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Will new water law hold up in court?

The scientists who comprise the panel, many of whom were appointed by the Trump Administration, determined the rule ignores prevailing science about the interconnectedness of American waterways.

In December a coalition of 14 states sued the Environmental Protection Agency over its rollback of the Waters of the United States Rule, which was modified last month when President Trump signed the Navigable Waters Protection Rule (see related story).
The states may have gotten some support from a group of scientists affiliated with the EPA.
In a draft letter posted online late last month, the EPA’s 41-member Science Advisory Board found that the new rule “decreases protection for our nation’s waters and does not support the objective of restoring and maintaining ‘the chemical, physical and biological integrity’ of these waters.” The scientists who comprise the panel, many of whom were appointed by the Trump Administration, determined the rule ignores prevailing science about the interconnectedness of American waterways.
The board’s argument made the same case put forward by Pete LaFlamme, director of the Vermont Department of Environmental Conservation’s Watershed Management Division: Pollutants that enter a water system through small an even ephemeral pools and wetlands at its headwaters eventually make their way downstream.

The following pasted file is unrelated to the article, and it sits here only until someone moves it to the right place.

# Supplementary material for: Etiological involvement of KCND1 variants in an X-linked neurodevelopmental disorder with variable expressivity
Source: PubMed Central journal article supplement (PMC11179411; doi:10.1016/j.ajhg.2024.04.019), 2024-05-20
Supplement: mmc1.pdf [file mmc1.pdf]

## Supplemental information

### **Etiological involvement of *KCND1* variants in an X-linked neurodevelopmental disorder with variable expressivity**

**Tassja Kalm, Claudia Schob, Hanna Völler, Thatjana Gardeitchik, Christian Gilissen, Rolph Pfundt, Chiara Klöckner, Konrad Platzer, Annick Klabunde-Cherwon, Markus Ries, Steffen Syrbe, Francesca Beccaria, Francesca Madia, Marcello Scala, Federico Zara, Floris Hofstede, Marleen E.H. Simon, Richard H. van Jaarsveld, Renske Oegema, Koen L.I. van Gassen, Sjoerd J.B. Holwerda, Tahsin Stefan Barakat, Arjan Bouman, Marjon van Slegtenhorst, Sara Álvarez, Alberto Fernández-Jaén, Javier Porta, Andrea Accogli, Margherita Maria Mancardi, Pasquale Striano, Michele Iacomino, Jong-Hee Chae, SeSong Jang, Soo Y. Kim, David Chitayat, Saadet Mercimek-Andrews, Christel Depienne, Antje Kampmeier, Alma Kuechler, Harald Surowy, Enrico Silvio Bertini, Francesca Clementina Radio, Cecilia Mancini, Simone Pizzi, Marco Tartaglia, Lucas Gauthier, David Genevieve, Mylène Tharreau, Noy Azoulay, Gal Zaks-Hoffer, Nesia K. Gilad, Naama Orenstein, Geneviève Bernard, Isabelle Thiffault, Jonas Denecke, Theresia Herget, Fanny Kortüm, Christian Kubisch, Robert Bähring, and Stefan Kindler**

In a Feb. 4 email statement, Vermont Attorney General T.J. Donovan wrote, “The EPA’s proposed ‘Navigable Waters Protection Rule’ would roll back protections my office has fought for years to keep in place … We are considering taking action against the EPA.”
Elena Mihaly, senior attorney for the Conservation Law Foundation in Vermont, said that courts often look at the scientific underlying a rule change to determine whether the change was grounded in science and reason.
“Here, we have the EPA’s own science advisory panel arguing that there is no basis for the change in science,” Mihaly said. “That’s why we believe that there is a strong argument to be made that a court could deem this rule arbitrary and capricious.”
Such a ruling would send the Navigable Waters Protection Rule back to the EPA to be rewritten.
However, says Mihaly, “When you have a robust state law and the federal backdrop goes away, there is always the worry that the rules will become more subject to industry lobbying and other efforts to roll back the standards.”
According to Vermont Agency of Natural Resources Secretary Julie Moore, such changes, though not impossible, would require substantive political will and action.
“Our water quality standards are beholden to statute. Any change to them requires action by the legislature and ultimately a signature by the governor,” she said. “I think that there is broad recognition across the party spectrum that our environment is our economy and we in Vermont go to great lengths to protect our environment in ways many other states have not historically.”

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